A JOB HALF DONE
In February, Pulitzer Center grantee Josh Hammer boarded a UN flight to Kidal, becoming the first journalist to visit the bleak outpost in the Malian desert since last November when militants from al-Qaeda of the Islamic Magreb—AQIM—murdered two French correspondents. Writing for The New York Review of Books, Josh documents a deteriorating situation following the 2012 coup and subsequent takeover by Islamic militants of a large chunk of the country’s north.
French troops helped neutralize the AQIM threat, but, as Josh reports, “the desert is vast, with innumerable hiding places, and the extremists have long experience in holding on to their weapons, hiding their fuel and food, and surviving on the run.” Josh reports that “as the French continue to scale down operations and turn over responsibility for the country’s security to an all-African force, there is a growing sense that they are leaving with their mission and job half done.”
PUBLIC POLICY AND PERSONAL FAITH
After visiting a Pentecostal church that can accommodate a million worshippers, Pulitzer Center grantees Allyn Gaestel and Allison Shelley conclude that religion is big in Nigeria. “Not just in size, not just in sound, nor in the omnipresence of reminders on billboards, bookmarks, pins and bumper stickers. It is big in the consciences of Nigerians, in the public understanding of morality, and in political debates,” Allyn writes in a piece for The Los Angeles Review of Books.
Allyn and Allison were on assignment in Nigeria as part of an ongoing examination of maternal health in developing countries and the ways it is affected by culture and religion. Nigeria has the second highest burden of maternal mortality in the world—40,000 women die each year during pregnancy or in its immediate aftermath—and in some parts of the country half of these deaths can be attributed to illegal abortions.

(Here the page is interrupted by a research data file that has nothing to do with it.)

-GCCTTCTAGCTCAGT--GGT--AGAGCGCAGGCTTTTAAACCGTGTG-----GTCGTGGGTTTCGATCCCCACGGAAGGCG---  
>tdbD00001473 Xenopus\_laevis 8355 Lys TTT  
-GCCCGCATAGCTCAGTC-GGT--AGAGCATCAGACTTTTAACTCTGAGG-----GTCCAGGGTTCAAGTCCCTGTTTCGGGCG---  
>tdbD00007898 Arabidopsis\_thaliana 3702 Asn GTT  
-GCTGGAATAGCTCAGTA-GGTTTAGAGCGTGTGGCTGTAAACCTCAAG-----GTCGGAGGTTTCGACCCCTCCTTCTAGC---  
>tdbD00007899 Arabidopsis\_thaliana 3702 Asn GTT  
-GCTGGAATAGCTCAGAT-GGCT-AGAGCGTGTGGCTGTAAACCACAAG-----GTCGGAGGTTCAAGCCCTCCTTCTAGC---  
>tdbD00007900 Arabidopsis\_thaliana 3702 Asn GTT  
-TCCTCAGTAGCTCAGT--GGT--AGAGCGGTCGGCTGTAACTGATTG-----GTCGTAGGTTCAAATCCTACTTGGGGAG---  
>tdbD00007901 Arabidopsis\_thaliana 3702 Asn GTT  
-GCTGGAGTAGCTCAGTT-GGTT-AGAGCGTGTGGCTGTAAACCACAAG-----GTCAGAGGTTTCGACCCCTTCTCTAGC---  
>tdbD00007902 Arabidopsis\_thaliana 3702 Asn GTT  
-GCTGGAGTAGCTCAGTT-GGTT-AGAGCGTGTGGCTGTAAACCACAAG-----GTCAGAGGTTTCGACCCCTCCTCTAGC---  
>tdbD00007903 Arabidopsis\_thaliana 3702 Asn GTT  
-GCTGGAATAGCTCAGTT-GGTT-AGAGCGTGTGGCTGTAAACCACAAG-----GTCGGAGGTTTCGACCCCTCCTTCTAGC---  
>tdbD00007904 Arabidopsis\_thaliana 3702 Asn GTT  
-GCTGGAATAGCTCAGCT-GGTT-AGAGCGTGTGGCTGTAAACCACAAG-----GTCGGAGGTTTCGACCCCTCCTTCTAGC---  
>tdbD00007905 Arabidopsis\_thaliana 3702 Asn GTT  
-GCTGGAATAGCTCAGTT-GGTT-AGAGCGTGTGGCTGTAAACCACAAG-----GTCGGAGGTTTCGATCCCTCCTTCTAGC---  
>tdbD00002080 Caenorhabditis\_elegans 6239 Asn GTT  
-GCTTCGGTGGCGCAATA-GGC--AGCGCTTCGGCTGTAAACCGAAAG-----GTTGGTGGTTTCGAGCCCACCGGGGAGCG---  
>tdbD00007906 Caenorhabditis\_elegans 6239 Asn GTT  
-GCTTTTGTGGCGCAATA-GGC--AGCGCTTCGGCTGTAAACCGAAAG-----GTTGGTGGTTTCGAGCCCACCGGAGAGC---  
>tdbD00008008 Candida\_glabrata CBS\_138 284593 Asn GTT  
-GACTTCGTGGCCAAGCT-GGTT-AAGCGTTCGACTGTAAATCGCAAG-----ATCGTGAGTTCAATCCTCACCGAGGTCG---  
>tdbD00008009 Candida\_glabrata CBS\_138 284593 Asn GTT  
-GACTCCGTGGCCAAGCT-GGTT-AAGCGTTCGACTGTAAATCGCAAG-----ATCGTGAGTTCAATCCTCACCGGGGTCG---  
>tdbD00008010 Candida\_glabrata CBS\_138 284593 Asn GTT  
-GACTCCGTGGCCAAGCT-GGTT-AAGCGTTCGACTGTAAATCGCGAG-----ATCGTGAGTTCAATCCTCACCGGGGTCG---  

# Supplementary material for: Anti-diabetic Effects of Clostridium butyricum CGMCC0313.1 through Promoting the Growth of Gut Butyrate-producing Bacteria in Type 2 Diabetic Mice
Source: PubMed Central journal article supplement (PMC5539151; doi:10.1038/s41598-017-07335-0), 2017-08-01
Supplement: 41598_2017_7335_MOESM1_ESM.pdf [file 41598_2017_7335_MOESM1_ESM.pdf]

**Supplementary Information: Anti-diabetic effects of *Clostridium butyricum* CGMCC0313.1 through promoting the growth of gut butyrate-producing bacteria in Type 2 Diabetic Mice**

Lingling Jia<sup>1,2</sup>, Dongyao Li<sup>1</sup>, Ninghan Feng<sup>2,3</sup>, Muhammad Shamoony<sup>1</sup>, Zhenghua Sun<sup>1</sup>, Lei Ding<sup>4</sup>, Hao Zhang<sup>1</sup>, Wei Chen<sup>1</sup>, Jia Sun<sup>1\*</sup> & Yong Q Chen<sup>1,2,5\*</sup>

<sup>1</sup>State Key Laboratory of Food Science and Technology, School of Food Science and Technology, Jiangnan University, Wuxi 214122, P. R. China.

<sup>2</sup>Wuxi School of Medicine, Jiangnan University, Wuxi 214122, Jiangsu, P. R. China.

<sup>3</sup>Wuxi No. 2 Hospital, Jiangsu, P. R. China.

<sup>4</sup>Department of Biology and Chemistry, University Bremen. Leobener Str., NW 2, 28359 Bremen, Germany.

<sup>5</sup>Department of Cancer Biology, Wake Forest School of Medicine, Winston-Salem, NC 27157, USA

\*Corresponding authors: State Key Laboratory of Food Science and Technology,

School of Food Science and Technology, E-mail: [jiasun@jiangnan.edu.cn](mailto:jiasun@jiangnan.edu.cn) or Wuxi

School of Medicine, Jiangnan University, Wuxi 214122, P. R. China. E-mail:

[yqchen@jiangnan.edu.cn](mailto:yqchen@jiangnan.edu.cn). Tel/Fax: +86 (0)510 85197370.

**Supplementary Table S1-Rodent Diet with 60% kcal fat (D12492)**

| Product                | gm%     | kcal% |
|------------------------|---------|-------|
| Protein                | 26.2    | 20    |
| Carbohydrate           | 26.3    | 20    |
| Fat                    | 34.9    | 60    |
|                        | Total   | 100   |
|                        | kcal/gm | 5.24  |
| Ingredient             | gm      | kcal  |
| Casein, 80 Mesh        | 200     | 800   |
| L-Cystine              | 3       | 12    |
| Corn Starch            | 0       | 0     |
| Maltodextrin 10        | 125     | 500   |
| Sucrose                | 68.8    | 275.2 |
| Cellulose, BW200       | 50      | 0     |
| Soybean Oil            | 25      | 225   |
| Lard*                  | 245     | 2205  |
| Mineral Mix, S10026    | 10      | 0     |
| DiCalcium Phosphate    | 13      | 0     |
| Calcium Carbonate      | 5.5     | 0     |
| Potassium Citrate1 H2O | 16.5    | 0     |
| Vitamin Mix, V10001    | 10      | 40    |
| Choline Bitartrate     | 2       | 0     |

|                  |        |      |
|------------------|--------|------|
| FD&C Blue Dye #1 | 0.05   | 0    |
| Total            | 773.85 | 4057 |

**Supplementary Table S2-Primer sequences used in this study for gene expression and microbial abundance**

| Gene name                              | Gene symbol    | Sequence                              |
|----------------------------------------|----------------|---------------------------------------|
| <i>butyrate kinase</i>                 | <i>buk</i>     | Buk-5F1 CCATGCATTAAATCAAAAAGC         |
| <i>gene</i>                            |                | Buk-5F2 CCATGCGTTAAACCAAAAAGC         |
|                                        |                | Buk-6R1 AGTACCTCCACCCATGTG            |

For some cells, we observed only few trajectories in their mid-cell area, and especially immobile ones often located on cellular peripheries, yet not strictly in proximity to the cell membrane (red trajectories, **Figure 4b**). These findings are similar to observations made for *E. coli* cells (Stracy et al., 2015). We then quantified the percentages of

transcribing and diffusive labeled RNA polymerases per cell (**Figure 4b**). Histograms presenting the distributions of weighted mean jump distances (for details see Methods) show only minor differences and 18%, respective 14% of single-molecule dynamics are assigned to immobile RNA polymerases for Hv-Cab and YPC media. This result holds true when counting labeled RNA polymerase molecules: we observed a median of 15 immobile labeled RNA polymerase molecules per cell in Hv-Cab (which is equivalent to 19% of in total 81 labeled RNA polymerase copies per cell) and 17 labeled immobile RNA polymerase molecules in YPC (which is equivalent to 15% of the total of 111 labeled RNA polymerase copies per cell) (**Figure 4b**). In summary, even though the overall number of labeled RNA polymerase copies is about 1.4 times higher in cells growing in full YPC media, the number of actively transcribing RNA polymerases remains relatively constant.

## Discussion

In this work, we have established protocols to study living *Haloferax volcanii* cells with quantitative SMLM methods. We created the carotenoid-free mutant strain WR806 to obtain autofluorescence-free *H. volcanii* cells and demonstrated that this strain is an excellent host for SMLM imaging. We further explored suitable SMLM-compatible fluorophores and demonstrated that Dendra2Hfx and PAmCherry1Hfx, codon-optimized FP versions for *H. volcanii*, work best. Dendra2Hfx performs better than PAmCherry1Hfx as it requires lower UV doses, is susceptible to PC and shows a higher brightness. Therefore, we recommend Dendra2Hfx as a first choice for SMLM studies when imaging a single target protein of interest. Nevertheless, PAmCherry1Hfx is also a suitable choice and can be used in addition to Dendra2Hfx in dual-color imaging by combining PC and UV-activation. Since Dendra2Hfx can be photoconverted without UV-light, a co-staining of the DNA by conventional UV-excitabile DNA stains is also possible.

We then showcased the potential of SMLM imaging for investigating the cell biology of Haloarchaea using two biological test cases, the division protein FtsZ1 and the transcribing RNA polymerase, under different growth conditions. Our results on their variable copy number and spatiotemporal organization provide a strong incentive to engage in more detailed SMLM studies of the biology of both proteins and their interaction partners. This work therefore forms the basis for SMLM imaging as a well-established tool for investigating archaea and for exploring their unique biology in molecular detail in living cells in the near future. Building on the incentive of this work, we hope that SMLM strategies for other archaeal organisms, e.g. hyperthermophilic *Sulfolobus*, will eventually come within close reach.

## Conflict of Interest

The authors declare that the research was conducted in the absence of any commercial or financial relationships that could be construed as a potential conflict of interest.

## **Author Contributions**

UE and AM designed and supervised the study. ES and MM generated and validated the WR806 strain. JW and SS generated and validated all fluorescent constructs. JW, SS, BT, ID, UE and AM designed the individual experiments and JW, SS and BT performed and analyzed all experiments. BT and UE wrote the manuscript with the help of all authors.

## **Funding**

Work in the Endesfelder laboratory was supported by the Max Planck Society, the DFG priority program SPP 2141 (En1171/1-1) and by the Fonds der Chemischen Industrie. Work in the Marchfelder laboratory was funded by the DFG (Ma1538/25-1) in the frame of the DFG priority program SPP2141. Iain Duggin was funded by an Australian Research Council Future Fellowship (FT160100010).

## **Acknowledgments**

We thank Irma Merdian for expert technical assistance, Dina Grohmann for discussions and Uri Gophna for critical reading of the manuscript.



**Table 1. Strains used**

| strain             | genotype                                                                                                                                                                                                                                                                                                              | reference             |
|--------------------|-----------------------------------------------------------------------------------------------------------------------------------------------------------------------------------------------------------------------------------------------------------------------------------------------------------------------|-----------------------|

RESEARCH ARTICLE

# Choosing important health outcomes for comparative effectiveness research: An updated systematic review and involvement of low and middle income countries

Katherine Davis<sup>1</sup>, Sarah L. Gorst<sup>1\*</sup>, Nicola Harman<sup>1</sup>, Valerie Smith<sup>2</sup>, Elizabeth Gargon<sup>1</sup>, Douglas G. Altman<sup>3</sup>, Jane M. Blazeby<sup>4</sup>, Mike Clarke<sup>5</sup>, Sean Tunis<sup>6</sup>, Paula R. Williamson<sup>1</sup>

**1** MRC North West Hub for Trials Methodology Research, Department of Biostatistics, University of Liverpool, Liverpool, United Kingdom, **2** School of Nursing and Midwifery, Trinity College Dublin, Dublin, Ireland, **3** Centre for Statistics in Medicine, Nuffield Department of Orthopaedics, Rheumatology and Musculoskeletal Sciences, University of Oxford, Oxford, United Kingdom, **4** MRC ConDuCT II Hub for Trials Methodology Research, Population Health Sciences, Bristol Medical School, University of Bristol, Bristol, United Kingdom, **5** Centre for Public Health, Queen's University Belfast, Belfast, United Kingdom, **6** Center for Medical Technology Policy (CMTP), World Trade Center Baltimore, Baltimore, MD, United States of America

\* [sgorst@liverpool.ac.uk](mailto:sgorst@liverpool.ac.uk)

Although the debate around contraception and abortion in Nigeria is particularly fierce and almost always intertwined with faith, Allyn and Allison found that in Lagos, the largest city, religious and cultural taboos make abortion a whispered word: “Below the surface, providers from across the healthcare spectrum, from herbalists to undertrained doctors to professional gynecologists quietly and regularly perform abortions. The safety and efficacy range widely, with the vulnerable young women in Lagos' poorer neighborhoods facing the most dangerous procedures.”
We were delighted to learn that two of our grantees were among this year's winners of the prestigious Robert F. Kennedy Journalism Awards. Photojournalist Robin Hammond won the international photography prize for his book, "Condemned: Mental Health in African Countries in Crisis." The Pulitzer Center has continued to support Robin's work on the mental health crisis in Liberia and Sierra Leone.
Varsha Ramakrishnan, a Pulitzer Center student fellow from the Johns Hopkins Bloomberg School of Public Health, was the winner in the college journalism category for "A Broken Promise: Dowry Violence in India," published in the Johns Hopkins Public Health magazine. Her project examines the ways in which a groom extorts money from the bride and her family and its effects on women both rural and urban and from all socio-economic classes.